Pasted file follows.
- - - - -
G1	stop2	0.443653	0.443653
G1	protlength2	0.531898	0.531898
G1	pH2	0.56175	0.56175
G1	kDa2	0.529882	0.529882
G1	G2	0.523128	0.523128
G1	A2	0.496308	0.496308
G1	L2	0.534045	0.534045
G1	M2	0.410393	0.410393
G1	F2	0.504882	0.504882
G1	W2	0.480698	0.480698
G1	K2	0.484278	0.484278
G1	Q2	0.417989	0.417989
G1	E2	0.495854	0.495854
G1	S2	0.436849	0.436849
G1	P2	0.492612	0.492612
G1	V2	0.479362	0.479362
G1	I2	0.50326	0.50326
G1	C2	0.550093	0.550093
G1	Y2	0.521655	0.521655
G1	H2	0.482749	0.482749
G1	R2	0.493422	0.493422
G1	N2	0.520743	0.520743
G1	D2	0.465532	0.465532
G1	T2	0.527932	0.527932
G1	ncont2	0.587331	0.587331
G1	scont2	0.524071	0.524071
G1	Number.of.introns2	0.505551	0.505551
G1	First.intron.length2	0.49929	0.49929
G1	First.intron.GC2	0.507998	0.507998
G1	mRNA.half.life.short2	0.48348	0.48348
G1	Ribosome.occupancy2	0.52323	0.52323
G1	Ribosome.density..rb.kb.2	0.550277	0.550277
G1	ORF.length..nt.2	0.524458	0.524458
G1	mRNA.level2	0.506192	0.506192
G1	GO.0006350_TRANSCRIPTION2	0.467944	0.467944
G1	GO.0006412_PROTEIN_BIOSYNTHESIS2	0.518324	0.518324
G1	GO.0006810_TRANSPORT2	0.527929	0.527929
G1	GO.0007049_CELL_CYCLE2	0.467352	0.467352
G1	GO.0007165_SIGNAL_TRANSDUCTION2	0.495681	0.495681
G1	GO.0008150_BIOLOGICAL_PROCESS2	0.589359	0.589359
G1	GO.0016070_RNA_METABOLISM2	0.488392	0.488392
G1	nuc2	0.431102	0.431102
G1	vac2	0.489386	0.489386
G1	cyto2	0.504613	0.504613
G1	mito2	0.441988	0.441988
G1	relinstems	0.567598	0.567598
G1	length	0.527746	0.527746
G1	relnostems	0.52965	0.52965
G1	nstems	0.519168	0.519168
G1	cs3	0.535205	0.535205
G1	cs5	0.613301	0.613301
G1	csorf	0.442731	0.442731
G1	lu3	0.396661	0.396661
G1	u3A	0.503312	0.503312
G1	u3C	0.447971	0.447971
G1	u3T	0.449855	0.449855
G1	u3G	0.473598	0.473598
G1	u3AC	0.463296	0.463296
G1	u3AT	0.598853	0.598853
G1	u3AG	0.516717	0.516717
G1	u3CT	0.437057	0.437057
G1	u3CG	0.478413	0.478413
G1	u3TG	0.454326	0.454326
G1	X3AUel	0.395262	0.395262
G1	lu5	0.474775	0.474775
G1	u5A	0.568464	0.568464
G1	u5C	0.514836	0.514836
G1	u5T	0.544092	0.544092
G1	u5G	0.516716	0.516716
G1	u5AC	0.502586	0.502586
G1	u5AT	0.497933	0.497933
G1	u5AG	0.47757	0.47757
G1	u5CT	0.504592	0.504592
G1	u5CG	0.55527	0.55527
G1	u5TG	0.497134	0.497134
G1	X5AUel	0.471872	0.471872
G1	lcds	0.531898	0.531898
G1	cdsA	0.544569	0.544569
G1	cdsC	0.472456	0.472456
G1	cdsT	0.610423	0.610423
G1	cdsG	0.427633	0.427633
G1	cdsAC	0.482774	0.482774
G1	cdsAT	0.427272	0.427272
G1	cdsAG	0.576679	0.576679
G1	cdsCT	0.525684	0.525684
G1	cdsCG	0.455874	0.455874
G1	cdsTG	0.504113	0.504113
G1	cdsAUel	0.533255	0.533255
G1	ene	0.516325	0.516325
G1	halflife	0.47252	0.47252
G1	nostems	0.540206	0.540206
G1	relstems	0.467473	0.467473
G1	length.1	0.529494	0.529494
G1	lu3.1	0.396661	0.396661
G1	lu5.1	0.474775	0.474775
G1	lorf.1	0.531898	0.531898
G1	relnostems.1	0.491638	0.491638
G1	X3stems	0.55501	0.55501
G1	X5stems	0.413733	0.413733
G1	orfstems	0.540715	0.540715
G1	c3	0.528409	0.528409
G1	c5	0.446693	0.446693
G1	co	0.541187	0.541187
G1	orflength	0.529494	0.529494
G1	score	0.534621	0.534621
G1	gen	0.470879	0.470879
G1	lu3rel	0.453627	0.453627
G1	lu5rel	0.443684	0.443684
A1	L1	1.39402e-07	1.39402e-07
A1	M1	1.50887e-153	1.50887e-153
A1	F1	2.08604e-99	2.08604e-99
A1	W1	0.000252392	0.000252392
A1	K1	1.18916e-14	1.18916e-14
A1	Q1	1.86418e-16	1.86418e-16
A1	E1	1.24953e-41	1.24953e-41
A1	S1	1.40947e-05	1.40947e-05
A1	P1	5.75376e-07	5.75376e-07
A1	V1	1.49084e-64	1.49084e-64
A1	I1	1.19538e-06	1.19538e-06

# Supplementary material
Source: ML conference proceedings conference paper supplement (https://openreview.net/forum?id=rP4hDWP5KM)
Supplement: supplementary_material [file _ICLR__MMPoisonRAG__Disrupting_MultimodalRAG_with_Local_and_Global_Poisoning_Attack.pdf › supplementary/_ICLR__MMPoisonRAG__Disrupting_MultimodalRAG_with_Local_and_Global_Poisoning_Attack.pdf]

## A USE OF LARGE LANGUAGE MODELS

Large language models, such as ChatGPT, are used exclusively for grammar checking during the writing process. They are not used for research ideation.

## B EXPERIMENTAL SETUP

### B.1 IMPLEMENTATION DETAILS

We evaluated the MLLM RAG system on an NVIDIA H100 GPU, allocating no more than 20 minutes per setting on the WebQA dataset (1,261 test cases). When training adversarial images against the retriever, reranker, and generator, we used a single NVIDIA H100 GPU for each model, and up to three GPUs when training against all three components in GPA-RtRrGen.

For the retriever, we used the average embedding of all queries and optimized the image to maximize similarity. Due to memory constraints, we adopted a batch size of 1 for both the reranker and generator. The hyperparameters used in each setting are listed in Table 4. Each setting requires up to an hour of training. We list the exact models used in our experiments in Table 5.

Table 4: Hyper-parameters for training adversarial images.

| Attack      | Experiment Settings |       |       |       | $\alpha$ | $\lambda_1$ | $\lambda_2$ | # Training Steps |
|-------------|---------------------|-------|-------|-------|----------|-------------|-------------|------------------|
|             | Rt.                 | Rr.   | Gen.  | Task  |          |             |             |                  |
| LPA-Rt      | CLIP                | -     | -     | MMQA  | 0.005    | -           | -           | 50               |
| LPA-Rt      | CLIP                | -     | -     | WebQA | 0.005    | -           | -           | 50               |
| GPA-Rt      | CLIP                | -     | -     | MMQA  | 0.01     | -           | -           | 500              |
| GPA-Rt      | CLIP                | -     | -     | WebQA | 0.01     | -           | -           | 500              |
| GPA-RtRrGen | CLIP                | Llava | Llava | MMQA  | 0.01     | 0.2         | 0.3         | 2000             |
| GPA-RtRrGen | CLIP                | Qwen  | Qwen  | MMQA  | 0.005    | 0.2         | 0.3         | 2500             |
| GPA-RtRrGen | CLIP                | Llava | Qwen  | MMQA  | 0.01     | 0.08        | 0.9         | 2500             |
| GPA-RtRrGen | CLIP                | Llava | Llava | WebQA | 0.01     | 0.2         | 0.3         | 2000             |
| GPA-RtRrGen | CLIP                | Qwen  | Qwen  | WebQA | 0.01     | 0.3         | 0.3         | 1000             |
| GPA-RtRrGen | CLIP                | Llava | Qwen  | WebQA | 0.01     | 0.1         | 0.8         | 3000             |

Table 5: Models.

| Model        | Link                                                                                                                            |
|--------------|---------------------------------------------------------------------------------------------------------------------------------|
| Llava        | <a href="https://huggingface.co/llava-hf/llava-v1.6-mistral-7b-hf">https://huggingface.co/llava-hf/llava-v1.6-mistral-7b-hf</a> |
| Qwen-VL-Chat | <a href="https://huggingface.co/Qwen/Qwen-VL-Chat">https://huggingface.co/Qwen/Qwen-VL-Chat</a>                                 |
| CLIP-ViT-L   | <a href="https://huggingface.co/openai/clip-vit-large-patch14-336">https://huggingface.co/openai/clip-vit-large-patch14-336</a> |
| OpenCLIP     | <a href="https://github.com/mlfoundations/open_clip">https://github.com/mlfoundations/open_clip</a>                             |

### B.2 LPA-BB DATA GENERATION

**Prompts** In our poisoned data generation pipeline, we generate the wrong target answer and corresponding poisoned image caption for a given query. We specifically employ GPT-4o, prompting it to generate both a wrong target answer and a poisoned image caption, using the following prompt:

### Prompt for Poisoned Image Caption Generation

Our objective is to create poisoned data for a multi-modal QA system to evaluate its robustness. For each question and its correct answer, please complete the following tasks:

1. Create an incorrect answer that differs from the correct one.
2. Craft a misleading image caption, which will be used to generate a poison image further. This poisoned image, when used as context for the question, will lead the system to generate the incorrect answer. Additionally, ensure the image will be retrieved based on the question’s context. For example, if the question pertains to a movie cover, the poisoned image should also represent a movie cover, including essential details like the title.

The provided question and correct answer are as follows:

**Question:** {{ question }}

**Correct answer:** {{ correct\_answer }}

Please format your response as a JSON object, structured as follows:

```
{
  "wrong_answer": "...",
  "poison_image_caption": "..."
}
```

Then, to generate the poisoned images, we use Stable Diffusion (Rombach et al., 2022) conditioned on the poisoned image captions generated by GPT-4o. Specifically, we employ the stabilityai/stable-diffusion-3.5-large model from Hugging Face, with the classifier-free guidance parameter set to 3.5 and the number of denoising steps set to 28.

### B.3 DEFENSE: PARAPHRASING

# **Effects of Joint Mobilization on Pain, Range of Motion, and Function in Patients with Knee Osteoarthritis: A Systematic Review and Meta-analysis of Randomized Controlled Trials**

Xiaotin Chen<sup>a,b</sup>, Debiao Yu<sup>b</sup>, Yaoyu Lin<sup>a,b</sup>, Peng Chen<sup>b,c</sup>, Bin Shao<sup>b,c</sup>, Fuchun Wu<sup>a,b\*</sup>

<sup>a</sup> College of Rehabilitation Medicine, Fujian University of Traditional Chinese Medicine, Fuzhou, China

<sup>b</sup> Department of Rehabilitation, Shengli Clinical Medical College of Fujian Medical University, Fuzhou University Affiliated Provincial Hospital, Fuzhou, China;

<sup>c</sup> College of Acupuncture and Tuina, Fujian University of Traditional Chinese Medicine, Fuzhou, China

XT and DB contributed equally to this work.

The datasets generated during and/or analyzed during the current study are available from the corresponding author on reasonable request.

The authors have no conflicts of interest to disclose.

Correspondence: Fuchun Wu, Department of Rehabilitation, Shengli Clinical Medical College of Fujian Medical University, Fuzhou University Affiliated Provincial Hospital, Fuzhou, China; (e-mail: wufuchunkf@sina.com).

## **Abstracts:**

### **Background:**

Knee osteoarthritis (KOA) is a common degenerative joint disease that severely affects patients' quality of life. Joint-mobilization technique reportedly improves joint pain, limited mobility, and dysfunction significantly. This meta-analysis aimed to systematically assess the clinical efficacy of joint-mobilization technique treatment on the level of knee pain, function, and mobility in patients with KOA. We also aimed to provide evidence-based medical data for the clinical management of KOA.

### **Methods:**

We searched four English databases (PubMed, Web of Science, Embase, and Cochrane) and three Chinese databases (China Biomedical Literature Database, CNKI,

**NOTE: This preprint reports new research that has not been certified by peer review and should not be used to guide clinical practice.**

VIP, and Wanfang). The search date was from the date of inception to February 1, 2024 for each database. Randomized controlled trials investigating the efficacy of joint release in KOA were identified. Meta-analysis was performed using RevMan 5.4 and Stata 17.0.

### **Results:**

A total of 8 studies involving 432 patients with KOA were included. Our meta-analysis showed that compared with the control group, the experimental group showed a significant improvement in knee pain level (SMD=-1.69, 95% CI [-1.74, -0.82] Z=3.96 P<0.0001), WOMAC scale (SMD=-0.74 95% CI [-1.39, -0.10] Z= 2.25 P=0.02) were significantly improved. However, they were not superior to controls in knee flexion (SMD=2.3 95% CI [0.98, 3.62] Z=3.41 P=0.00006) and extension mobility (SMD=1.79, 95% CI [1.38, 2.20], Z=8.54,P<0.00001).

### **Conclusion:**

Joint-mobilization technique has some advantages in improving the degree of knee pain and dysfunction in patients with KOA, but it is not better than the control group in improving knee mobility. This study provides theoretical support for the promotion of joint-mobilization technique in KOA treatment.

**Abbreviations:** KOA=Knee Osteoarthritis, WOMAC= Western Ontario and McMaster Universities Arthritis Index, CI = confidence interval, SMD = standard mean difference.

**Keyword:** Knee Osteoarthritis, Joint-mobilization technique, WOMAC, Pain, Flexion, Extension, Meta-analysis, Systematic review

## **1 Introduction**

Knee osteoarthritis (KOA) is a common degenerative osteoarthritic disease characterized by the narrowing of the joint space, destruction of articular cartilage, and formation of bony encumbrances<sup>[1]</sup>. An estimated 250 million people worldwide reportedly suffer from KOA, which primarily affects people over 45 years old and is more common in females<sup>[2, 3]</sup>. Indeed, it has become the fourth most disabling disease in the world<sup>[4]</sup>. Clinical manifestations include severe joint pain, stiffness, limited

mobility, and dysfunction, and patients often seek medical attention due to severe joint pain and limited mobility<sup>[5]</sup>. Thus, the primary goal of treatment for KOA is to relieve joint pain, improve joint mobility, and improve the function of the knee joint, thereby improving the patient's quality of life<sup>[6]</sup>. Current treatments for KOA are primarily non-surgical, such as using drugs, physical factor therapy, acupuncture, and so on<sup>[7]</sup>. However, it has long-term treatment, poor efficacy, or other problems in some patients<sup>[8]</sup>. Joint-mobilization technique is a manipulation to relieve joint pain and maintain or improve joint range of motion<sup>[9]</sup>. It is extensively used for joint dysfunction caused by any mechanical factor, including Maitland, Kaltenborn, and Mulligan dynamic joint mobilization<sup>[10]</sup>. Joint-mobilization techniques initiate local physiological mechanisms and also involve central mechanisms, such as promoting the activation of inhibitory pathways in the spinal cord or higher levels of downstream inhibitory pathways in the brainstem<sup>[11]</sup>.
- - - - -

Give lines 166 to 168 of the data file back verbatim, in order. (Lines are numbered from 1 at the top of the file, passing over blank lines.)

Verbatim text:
Then, to generate the poisoned images, we use Stable Diffusion (Rombach et al., 2022) conditioned on the poisoned image captions generated by GPT-4o. Specifically, we employ the stabilityai/stable-diffusion-3.5-large model from Hugging Face, with the classifier-free guidance parameter set to 3.5 and the number of denoising steps set to 28.

### B.3 DEFENSE: PARAPHRASING

# **Effects of Joint Mobilization on Pain, Range of Motion, and Function in Patients with Knee Osteoarthritis: A Systematic Review and Meta-analysis of Randomized Controlled Trials**